The biggest news story in past months has been the explosion of Pinterest into the social media world. As the media continued to provide commentary and analysis on Pinterest’s fast growth, this image-driven social channel continued to expand in ways users—and media—hadn’t expected.
CNN Fortune reported March 22: “In March the site registered 17.8 million users, according to Comscore, a 52% jump in just one month — and it isn’t even open to everyone (would-be “pinners” must still request an invitation to join).”
Pinterest provides the service and location for the aggregation of images and videos onto digital “pinboards” categorized by the account holder. Users can pin images and videos from any online source, follow other users’ boards, repin pins from other user’s boards, search for terms used in pins, and comment on or like users’ pins.
Replace each italicized word with the Twitter equivalent—pin=tweet, boards=handle, repin=retween, comment on=reply/mention, like=favorite.
Many articles have referenced the two social media channels in the same breath—and how could they not, when Comscore reported Twitter the #2 and Pinterest the #3 most-used social network in the world? But what many analysts fail to opine about are the distinct similarities between Twitter, Pinterest, and Tumblr.
At its core, Tumblr is a microblogging tool that publishes long and short text, images, video, and audio files. But although each user’s site functions technically as a blog, the reality is that most Tumblr accounts read as continuously updated collections of multimedia, typically centered around two to four categories that interest the user.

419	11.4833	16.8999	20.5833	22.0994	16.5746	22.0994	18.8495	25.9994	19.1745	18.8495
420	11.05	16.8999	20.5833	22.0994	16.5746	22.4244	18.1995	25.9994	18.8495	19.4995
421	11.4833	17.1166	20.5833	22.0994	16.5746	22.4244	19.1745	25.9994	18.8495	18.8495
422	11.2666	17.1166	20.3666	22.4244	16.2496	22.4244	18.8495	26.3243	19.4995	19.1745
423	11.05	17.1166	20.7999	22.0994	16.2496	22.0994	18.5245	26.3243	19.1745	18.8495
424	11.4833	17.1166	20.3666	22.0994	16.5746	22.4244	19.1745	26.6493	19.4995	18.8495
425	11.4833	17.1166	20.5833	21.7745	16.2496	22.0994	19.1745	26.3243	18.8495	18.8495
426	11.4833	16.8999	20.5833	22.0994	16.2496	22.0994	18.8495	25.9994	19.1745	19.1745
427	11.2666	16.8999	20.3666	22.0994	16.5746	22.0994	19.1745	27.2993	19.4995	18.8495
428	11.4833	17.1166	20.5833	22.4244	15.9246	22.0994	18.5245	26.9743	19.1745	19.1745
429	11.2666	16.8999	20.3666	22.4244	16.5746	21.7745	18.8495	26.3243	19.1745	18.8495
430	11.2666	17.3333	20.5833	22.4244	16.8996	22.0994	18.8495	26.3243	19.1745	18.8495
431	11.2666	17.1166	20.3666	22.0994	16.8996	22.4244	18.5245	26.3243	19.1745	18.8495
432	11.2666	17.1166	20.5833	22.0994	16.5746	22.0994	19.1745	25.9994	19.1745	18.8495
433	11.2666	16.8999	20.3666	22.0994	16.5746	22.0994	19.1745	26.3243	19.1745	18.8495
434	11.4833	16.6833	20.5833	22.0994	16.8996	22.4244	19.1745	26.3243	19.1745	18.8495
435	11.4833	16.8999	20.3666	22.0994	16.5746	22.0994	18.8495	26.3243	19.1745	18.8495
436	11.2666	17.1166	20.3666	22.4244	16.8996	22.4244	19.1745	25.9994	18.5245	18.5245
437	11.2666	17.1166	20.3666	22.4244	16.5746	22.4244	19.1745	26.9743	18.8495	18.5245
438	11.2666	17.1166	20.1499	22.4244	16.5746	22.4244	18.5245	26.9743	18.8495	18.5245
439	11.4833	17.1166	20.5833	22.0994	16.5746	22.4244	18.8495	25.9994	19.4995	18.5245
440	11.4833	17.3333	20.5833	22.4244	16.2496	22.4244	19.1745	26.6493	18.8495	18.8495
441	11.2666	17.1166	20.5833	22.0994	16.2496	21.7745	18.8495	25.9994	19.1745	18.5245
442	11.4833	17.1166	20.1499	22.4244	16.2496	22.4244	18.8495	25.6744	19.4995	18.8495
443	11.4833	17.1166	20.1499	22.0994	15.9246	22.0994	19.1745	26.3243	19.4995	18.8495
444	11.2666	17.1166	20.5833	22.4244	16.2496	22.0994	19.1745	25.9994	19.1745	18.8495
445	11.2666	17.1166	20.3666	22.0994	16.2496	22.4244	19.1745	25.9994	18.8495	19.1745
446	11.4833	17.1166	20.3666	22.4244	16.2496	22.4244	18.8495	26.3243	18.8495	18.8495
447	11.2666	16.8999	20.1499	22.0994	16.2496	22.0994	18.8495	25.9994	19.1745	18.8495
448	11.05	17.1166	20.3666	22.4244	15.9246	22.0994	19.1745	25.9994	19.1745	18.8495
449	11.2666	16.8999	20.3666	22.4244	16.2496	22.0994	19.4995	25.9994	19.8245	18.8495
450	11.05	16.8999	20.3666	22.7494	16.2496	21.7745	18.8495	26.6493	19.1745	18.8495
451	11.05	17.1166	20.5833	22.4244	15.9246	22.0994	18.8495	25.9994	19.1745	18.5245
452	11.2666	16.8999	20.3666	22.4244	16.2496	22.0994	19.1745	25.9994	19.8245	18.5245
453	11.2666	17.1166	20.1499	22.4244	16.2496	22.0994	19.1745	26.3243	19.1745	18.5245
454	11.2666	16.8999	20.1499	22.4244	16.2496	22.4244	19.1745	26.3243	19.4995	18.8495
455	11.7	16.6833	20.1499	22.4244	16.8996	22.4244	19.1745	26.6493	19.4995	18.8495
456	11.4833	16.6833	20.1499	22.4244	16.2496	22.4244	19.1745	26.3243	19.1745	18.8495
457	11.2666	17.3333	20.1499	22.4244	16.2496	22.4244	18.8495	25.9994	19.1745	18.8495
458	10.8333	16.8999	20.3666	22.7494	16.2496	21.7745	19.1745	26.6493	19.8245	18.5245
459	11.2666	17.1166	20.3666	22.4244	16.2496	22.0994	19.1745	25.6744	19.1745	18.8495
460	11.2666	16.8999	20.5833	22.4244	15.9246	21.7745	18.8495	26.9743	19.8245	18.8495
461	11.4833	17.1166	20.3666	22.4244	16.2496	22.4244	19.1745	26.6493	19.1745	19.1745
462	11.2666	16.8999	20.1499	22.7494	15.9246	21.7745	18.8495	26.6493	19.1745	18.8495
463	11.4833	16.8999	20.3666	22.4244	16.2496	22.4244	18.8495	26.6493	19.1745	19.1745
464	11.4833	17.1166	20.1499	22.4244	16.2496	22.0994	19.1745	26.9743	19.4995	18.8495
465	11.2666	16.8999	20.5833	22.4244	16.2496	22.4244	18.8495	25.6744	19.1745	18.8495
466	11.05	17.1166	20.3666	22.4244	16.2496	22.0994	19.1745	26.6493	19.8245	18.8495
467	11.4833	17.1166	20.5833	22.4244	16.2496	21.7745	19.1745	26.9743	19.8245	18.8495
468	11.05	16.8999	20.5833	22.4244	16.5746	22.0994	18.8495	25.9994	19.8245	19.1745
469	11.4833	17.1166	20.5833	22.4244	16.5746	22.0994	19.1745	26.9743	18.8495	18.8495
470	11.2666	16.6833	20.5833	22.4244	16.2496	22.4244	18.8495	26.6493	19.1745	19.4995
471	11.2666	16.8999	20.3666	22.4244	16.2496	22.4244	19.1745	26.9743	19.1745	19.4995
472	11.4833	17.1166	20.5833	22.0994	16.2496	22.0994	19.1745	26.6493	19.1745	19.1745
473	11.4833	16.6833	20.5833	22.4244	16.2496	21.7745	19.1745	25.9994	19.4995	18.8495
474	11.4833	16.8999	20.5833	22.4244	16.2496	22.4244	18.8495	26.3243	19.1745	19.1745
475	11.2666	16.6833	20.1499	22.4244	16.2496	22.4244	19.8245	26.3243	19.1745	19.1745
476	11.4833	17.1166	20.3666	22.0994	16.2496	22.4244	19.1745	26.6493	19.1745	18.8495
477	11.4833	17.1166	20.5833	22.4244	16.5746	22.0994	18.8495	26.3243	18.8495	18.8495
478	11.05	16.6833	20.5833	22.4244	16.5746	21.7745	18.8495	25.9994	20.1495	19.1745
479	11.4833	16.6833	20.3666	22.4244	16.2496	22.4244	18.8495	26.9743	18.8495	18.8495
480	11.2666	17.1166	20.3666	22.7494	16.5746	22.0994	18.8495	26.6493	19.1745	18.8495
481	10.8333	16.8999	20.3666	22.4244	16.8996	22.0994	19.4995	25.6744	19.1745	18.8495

Blog posts can be re-blogged by clicking one button, just as pins can be repinned and tweets can be retweeted. Posts can be commented on by other Tumblr users, just as with Pinterest and Twitter. Posts can be liked by other Tumblr users by clicking one button, just as with Pinterest and Twitter. Posts can be tagged, like pins and tweets, and the tags are searchable on the site.
Here’s what happened:
Twitter saw Tumblr and said, “This is a great idea for text…but it needs focus.” Tweets were created, giving users 140 characters to say everything they needed to say, but each tweet was given the function options offered on Tumblr—retweeting/reblogging, hashtagging/tagging, replying/commenting, and following. Over time, Twitter began allowing images, video, audio, and everything Tumblr had always allowed (minus long text, of course). Twitter saw the Tumblr short text publishing model and said, “Me, too.”
Pinterest saw Tumblr and said, “This is a great idea for images…but it needs focus.” Boards were created, giving users the opportunity to add any image seen online to a digital space categorized by the other images in that space. Each image had a caption (tag), each image could be repinned (reblogged) by other users, each image could be commented on by other users, and each board or pinner could be followed by other users. Pinterest saw the Tumblr image publishing model and said, “Me, too.”
Twitter and Pinterest, touted for being innovators in the social networking age, are really just the simple children of Tumblr. Any success to be had comes from the hard work (and great genes) of Tumblr, the digital daddy of Pinterest and Twitter.